Thursday, August 2, 2012

Jason Kenney faces legal uprising over Conrad Black visa

More than 80 lawyers have signed an open letter to Immigration Minister Jason Kenney challenging his insistence he played no role in granting Conrad Black a permit to live in this country even before the U.K. citizen had finished his jail time in Florida.

The lawyers, all immigration specialists, say they believe Mr. Kenney must have had some part in the controversial decision to grant a temporary resident permit to Mr. Black, who renounced his Canadian citizenship in pursuit of a British peerage and had served time in a Florida jail for fraud and obstruction of justice.

They are also daring the Harper government minister to haul them before the Law Society of Upper Canada for saying so.

The lawyers banded together in defence of Toronto colleague Guidy Mamann, whom Mr. Kenney’s office tried to have censured after he told journalists that he found it improbable that such a major decision was made without the minister’s input.

An aide to the Immigration Minister pursued a formal complaint against Mr. Mamann with the Law Society of Upper Canada this spring – which it dismissed in July. The body regulates the conduct of lawyers in Ontario.

Globe Story Here

I may be on the wrong side of this one.

I think it perfectly plausible that Minister Jason Kenney played no role in granting Conrad Black a permit to live in Canada (of course Khadr does show that Ministers do, from time to time, get involved in high profile residency cases) .  What's more, I think Conrad Black should be allowed to reside here.

But that's not really the point.

Kenney's aide (certainly acting with the approval of Kenney) filed the complaint for the obvious purpose of shutting up an opponent of the government.  It's not the Pussy Riot case (story) but it's the same idea. If Kenney really felt he had been subject to "baseless accusations of misconduct and reckless character smears, by someone holding himself out to be an expert" he had the option to sue for defamation.  That's been done before (hello Hill v Scientology) but it does run a risk -- maybe the allegations are shown to be true?

Using a criminal or quasi-criminal process to obtain a civil advantage is wrong.  To use such process to gain a political advantage is not only wrong, it's contrary to Canadian tradition and is unCanadian.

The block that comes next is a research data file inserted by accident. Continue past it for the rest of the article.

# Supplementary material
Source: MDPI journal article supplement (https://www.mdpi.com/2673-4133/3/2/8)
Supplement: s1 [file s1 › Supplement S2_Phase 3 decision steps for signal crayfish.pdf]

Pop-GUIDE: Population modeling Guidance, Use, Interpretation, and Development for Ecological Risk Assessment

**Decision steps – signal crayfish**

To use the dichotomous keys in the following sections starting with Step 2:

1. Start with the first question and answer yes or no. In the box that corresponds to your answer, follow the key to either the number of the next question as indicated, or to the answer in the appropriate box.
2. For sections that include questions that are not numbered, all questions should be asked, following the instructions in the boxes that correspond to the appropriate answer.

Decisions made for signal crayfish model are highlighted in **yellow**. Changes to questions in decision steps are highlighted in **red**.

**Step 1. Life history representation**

We all dislike people who spout off stuff we find repulsive politically but if you want to be in politics you need to have a thick skin -- the right response is to reply, in the political forum, and to suck it up.  Suing for defamation is an option (one I see as bush-league but whatever) but beyond that there is nothing appropriate to do.

In any event does a wild and baseless allegation of wrongdoing breach the lawyers' professional obligation? Likely yes -- Professional Conduct Rule 4.06(1) and especially the commentary, makes clear that any criticisms of the legal system or people involved therein should be bona fide and reasoned.  To be bona fide means there must be a genuine belief based on something in the truth of the allegation.  So, if I believe, with some reason, that the Mayor of Keewatin is taking bribes I may allege that (and run the risk of being sued etc etc) without breaching my duties as a lawyer.  But if I, as a political opponent of Stephen Harper allege, without basis, that he evades paying taxes, then I do breach my obligations.   My own sense is that Prime Minister Harper is smart enough to realize that pursuing some crackpot lawyer who makes obviously bogus allegations is a mug's game -- but, in truth, I don't expect to ever find that out for certain!


Anonymous said...

80 wealthy lawyers sign a petition. Big deal.

How many of them have donated to the Liberal Party of Canada?

Anonymous said...

It's amazing designed for me to have a site, which is beneficial for my knowledge. thanks admin

Also visit my web site ... online graduate certificates